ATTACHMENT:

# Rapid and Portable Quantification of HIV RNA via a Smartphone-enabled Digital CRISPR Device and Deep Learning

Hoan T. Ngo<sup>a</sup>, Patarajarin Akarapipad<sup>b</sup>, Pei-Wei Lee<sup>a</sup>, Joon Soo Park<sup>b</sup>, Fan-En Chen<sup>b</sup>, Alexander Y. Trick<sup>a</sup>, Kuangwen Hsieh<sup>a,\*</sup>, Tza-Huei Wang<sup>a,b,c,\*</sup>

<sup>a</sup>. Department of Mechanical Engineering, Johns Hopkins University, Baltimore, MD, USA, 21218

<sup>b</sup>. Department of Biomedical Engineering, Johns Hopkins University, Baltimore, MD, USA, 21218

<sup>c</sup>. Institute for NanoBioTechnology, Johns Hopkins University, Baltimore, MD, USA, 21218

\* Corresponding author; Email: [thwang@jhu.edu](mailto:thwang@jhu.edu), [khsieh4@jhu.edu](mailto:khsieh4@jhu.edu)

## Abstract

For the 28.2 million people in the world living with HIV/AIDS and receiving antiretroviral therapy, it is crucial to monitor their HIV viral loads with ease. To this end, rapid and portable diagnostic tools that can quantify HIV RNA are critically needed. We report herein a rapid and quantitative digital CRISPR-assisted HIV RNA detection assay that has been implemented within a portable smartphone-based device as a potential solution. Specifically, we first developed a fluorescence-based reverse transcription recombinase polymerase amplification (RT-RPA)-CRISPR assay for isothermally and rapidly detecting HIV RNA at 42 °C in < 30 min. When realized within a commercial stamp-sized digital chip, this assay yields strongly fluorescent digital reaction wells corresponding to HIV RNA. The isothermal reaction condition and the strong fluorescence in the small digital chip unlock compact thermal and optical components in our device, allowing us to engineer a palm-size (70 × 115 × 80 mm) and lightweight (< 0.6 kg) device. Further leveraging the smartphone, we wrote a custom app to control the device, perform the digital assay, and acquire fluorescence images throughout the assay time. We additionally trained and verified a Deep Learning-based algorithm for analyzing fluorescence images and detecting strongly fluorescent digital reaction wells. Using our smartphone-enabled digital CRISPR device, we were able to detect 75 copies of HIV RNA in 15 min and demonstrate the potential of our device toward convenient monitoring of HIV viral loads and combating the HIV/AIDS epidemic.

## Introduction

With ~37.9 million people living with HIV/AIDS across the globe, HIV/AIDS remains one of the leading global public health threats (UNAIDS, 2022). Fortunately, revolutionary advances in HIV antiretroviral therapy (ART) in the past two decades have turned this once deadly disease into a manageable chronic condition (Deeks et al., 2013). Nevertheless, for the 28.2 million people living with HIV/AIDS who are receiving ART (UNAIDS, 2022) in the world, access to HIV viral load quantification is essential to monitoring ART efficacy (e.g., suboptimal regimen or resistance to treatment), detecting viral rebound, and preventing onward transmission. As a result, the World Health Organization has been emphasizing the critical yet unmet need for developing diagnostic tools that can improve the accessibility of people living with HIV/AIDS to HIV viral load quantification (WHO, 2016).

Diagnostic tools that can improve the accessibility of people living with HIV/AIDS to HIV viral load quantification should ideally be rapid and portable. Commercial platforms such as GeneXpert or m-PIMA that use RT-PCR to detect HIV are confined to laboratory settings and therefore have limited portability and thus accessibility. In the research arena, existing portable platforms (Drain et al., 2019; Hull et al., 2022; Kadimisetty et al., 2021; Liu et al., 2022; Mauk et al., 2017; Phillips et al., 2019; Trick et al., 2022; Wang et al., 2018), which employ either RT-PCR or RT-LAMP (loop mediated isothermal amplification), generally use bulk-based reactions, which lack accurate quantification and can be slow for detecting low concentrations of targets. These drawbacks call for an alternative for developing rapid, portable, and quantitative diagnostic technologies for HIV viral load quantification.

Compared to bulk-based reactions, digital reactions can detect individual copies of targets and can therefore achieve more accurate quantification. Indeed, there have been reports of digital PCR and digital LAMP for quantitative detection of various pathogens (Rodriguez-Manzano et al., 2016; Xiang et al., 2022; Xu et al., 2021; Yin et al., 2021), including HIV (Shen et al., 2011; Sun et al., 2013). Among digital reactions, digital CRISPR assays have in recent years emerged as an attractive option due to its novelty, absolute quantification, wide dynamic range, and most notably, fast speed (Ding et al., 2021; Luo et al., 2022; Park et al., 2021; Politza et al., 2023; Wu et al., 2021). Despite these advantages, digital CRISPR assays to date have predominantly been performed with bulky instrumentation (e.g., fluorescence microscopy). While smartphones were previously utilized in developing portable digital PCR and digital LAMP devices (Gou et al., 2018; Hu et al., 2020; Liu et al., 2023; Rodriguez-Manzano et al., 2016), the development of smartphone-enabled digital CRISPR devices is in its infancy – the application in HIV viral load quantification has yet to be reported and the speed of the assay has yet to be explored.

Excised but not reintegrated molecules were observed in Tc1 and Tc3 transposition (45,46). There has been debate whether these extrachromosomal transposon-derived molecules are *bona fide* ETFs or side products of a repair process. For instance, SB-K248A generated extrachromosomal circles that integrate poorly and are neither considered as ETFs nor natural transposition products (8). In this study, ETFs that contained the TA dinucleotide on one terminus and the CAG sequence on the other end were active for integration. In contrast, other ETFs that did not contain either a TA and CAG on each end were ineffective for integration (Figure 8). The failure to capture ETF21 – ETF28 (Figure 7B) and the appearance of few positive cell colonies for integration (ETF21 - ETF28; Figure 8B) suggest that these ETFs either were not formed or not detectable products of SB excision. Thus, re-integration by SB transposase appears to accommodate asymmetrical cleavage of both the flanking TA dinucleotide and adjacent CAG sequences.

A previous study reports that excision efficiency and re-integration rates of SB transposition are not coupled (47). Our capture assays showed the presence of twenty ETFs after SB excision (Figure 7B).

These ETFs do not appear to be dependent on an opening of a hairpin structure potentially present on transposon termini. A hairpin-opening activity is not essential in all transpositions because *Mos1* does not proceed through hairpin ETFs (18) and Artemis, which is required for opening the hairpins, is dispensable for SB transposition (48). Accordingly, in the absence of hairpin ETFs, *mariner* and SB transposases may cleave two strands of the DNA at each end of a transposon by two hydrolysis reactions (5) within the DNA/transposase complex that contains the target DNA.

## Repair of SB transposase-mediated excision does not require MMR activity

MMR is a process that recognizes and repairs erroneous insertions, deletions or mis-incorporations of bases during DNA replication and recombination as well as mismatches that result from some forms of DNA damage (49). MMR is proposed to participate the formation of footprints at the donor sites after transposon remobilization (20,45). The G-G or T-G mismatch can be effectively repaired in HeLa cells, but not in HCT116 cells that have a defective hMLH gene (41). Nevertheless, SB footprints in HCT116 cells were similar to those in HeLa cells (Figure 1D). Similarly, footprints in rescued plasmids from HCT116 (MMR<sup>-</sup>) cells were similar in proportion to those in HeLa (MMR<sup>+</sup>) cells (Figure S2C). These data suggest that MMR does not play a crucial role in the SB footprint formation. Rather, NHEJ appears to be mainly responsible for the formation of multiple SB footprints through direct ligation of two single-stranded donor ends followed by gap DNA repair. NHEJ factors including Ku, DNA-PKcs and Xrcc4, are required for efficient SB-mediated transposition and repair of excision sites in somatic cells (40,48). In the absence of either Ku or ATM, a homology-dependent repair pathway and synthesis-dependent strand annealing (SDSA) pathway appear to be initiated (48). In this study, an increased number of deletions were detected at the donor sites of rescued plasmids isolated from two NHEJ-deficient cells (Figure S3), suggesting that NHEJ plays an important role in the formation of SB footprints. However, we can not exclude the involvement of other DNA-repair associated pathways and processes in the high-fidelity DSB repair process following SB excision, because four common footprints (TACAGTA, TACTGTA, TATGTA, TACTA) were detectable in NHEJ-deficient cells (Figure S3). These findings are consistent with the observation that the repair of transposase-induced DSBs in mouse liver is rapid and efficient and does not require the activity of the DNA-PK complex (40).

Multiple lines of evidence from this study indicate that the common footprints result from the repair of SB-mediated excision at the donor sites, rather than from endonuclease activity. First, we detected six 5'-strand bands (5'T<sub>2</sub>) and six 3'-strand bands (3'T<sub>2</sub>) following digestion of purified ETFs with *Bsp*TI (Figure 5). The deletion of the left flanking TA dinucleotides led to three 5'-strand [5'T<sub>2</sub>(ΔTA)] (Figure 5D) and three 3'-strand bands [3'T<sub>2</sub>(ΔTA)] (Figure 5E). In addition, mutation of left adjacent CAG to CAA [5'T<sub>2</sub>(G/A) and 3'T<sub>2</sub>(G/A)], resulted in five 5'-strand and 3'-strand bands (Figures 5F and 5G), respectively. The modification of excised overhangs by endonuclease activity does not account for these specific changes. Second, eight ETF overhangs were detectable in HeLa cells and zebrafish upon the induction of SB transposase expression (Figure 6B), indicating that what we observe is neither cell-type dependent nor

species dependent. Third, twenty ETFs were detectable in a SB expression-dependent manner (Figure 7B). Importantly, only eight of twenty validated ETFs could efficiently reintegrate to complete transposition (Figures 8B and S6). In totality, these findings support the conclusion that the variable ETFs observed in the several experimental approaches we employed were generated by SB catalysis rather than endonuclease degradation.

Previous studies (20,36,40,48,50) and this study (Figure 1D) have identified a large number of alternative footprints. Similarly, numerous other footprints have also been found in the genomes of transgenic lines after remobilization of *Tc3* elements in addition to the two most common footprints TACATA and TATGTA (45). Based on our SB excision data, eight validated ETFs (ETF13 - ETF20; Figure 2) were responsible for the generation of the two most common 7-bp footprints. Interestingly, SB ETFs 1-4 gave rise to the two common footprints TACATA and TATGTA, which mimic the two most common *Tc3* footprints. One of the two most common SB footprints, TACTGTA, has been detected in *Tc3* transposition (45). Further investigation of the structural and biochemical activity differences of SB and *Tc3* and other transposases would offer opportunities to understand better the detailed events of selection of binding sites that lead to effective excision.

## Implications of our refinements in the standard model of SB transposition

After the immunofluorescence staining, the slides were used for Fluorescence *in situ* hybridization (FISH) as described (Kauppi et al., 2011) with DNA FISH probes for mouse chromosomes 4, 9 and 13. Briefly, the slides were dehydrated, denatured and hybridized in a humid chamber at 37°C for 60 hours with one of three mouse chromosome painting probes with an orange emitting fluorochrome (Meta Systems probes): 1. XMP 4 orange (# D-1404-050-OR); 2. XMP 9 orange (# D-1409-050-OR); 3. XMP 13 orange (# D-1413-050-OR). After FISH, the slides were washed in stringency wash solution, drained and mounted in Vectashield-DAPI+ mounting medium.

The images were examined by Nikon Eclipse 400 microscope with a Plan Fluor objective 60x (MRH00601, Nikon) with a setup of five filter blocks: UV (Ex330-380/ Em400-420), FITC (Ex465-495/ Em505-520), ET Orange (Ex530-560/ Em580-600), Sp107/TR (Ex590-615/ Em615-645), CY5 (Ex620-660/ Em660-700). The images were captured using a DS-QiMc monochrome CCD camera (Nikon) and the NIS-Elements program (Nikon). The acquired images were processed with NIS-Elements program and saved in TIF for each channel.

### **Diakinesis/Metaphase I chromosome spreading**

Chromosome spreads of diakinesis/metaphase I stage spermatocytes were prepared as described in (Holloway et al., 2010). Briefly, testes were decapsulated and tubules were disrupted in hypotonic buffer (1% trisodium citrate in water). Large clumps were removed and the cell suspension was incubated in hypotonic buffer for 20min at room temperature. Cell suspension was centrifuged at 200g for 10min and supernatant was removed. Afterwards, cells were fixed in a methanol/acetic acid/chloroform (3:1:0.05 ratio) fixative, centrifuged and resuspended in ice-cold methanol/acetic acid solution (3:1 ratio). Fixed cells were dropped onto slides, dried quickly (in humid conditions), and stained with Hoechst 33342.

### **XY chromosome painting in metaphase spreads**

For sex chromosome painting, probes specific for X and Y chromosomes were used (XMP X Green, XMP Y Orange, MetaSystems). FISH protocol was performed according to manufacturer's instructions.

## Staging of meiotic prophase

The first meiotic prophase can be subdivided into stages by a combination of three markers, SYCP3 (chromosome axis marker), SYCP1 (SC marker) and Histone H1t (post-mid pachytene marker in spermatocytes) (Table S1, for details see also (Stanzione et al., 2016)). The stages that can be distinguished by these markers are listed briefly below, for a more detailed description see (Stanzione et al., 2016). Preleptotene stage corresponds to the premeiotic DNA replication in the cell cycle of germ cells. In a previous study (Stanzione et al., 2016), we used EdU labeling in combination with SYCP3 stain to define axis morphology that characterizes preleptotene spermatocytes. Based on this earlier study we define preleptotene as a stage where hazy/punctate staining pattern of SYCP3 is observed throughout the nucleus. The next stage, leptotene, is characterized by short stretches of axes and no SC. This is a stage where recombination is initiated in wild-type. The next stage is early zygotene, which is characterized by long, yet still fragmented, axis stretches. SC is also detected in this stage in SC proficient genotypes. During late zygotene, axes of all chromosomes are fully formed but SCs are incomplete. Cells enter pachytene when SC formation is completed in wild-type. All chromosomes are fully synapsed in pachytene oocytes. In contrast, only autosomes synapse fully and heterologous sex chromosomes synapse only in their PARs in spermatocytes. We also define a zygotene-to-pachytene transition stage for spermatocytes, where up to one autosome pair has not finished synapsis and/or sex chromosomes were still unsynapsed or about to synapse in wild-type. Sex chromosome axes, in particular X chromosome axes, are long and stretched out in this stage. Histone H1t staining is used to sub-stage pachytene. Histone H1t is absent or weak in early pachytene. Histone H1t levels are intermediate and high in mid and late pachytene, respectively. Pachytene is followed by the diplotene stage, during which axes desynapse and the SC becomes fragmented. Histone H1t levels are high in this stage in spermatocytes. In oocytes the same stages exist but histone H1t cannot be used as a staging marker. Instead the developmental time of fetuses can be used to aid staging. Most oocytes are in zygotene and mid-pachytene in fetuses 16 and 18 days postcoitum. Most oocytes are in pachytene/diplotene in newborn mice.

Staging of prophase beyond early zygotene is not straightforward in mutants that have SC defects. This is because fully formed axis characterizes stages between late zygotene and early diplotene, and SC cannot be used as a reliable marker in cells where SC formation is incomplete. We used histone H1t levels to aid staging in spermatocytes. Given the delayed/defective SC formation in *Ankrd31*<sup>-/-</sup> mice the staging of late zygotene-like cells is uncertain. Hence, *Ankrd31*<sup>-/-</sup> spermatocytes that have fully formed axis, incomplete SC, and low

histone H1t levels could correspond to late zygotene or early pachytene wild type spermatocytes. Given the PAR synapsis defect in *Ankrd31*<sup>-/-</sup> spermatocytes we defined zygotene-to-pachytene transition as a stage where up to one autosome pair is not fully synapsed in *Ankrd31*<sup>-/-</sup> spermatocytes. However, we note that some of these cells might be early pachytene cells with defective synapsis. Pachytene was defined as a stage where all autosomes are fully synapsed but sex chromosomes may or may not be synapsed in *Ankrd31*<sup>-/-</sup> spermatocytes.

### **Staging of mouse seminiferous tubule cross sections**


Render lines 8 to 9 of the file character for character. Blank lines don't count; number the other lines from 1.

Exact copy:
For the 28.2 million people in the world living with HIV/AIDS and receiving antiretroviral therapy, it is crucial to monitor their HIV viral loads with ease. To this end, rapid and portable diagnostic tools that can quantify HIV RNA are critically needed. We report herein a rapid and quantitative digital CRISPR-assisted HIV RNA detection assay that has been implemented within a portable smartphone-based device as a potential solution. Specifically, we first developed a fluorescence-based reverse transcription recombinase polymerase amplification (RT-RPA)-CRISPR assay for isothermally and rapidly detecting HIV RNA at 42 °C in < 30 min. When realized within a commercial stamp-sized digital chip, this assay yields strongly fluorescent digital reaction wells corresponding to HIV RNA. The isothermal reaction condition and the strong fluorescence in the small digital chip unlock compact thermal and optical components in our device, allowing us to engineer a palm-size (70 × 115 × 80 mm) and lightweight (< 0.6 kg) device. Further leveraging the smartphone, we wrote a custom app to control the device, perform the digital assay, and acquire fluorescence images throughout the assay time. We additionally trained and verified a Deep Learning-based algorithm for analyzing fluorescence images and detecting strongly fluorescent digital reaction wells. Using our smartphone-enabled digital CRISPR device, we were able to detect 75 copies of HIV RNA in 15 min and demonstrate the potential of our device toward convenient monitoring of HIV viral loads and combating the HIV/AIDS epidemic.

## Introduction